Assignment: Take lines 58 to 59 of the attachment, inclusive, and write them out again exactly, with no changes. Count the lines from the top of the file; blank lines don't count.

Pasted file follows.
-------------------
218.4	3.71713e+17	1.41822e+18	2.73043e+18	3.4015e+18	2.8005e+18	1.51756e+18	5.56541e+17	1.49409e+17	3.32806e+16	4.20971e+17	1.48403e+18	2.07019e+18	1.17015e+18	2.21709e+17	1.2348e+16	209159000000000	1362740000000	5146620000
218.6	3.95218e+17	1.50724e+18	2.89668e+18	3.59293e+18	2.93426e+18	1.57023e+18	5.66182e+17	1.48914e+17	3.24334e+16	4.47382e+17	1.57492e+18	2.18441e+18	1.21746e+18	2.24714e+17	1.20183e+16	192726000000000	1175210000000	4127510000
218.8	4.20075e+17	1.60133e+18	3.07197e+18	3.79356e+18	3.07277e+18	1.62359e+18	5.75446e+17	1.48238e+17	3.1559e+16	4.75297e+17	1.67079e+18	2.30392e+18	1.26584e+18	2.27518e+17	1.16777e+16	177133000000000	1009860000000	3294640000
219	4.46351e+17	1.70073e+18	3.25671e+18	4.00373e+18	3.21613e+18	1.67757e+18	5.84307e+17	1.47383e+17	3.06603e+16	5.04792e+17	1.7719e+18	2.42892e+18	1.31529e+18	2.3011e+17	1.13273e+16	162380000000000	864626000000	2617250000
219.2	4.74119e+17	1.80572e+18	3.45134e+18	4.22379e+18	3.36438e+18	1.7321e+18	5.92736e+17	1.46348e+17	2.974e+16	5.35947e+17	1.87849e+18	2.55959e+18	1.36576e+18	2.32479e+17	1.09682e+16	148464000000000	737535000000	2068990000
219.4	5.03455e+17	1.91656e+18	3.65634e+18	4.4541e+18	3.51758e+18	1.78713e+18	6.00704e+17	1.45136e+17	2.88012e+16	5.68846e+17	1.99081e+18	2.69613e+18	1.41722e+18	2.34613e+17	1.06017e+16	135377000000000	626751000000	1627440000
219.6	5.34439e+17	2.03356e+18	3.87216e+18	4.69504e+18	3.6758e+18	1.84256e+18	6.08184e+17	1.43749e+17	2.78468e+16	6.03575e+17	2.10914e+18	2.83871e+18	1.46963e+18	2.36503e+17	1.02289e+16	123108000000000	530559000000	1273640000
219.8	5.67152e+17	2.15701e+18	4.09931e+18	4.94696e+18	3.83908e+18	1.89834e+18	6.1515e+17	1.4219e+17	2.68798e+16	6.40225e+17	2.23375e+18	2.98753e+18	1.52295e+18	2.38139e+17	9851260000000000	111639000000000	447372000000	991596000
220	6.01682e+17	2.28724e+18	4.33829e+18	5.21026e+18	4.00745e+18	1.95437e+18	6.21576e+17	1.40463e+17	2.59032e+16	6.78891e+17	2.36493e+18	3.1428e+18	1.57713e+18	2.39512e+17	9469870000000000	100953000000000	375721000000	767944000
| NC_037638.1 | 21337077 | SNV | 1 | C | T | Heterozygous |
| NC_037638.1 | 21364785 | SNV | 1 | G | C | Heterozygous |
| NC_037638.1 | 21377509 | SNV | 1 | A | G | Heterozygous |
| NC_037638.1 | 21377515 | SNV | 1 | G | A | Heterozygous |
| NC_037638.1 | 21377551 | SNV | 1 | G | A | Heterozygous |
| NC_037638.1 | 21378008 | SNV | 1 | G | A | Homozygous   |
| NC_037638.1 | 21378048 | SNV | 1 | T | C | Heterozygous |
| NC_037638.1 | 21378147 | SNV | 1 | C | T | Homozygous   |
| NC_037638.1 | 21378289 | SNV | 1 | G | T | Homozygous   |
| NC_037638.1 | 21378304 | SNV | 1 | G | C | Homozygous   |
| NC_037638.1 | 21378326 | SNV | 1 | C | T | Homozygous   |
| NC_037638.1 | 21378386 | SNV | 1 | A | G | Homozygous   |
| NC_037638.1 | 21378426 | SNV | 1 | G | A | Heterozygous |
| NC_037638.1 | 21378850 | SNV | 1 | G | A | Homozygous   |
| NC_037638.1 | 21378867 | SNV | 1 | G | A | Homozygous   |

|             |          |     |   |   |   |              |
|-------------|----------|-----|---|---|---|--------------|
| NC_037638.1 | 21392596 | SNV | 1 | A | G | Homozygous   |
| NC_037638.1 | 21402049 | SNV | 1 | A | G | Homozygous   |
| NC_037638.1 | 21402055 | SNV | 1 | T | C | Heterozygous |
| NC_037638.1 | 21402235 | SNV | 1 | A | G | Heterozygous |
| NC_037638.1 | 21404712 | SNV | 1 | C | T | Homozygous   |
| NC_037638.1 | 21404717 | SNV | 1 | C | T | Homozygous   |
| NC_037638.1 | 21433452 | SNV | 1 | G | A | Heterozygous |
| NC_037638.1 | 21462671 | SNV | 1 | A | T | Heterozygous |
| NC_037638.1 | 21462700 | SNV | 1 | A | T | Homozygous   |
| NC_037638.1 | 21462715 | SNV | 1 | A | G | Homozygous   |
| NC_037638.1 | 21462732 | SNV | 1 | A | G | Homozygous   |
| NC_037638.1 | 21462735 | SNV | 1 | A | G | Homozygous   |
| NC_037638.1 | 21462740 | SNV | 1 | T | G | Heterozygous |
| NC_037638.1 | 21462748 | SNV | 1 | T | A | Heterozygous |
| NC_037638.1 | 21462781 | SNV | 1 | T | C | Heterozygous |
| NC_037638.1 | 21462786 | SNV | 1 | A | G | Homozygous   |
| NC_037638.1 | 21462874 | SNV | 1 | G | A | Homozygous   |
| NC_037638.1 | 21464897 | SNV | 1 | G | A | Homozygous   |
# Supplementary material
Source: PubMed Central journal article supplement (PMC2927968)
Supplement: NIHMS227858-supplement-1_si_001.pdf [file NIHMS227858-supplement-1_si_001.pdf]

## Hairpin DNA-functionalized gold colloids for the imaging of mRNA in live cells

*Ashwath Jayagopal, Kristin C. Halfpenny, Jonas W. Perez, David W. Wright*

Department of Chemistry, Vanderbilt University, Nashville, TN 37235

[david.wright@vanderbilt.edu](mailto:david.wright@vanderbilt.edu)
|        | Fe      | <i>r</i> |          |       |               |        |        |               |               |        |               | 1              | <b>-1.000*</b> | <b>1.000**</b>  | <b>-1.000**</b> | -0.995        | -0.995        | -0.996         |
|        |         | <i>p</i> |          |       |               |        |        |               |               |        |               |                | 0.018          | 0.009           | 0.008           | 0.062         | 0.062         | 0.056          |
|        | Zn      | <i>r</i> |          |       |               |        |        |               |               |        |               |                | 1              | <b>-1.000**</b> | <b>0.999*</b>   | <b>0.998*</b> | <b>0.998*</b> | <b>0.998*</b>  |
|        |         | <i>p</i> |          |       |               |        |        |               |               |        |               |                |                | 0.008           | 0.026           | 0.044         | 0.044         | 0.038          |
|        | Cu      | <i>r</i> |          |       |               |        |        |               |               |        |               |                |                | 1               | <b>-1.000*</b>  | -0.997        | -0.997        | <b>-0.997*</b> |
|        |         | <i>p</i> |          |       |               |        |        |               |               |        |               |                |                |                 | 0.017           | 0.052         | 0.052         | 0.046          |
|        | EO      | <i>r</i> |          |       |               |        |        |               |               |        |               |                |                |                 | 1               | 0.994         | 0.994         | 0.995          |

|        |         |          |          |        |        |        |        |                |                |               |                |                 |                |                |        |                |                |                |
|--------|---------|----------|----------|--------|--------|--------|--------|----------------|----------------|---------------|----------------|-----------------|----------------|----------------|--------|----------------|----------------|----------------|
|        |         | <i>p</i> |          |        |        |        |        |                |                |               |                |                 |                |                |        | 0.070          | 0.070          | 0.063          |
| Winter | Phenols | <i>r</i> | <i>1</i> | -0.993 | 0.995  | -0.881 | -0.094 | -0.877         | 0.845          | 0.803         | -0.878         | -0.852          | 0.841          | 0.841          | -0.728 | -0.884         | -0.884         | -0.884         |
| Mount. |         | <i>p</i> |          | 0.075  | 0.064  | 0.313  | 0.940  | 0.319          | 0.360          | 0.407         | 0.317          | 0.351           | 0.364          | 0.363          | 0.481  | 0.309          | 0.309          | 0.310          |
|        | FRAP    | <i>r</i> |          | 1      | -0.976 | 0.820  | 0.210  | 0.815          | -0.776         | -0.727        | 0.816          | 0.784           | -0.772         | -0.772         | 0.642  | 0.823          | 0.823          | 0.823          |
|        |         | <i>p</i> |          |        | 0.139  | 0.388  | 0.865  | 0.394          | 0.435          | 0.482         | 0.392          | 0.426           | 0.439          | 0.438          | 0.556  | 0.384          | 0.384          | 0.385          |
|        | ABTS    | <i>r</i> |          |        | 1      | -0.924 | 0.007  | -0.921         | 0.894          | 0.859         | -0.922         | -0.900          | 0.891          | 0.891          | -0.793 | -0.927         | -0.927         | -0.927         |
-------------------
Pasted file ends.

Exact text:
|        | EO      | <i>r</i> |          |       |               |        |        |               |               |        |               |                |                |                 | 1               | 0.994         | 0.994         | 0.995          |

|        |         |          |          |        |        |        |        |                |                |               |                |                 |                |                |        |                |                |                |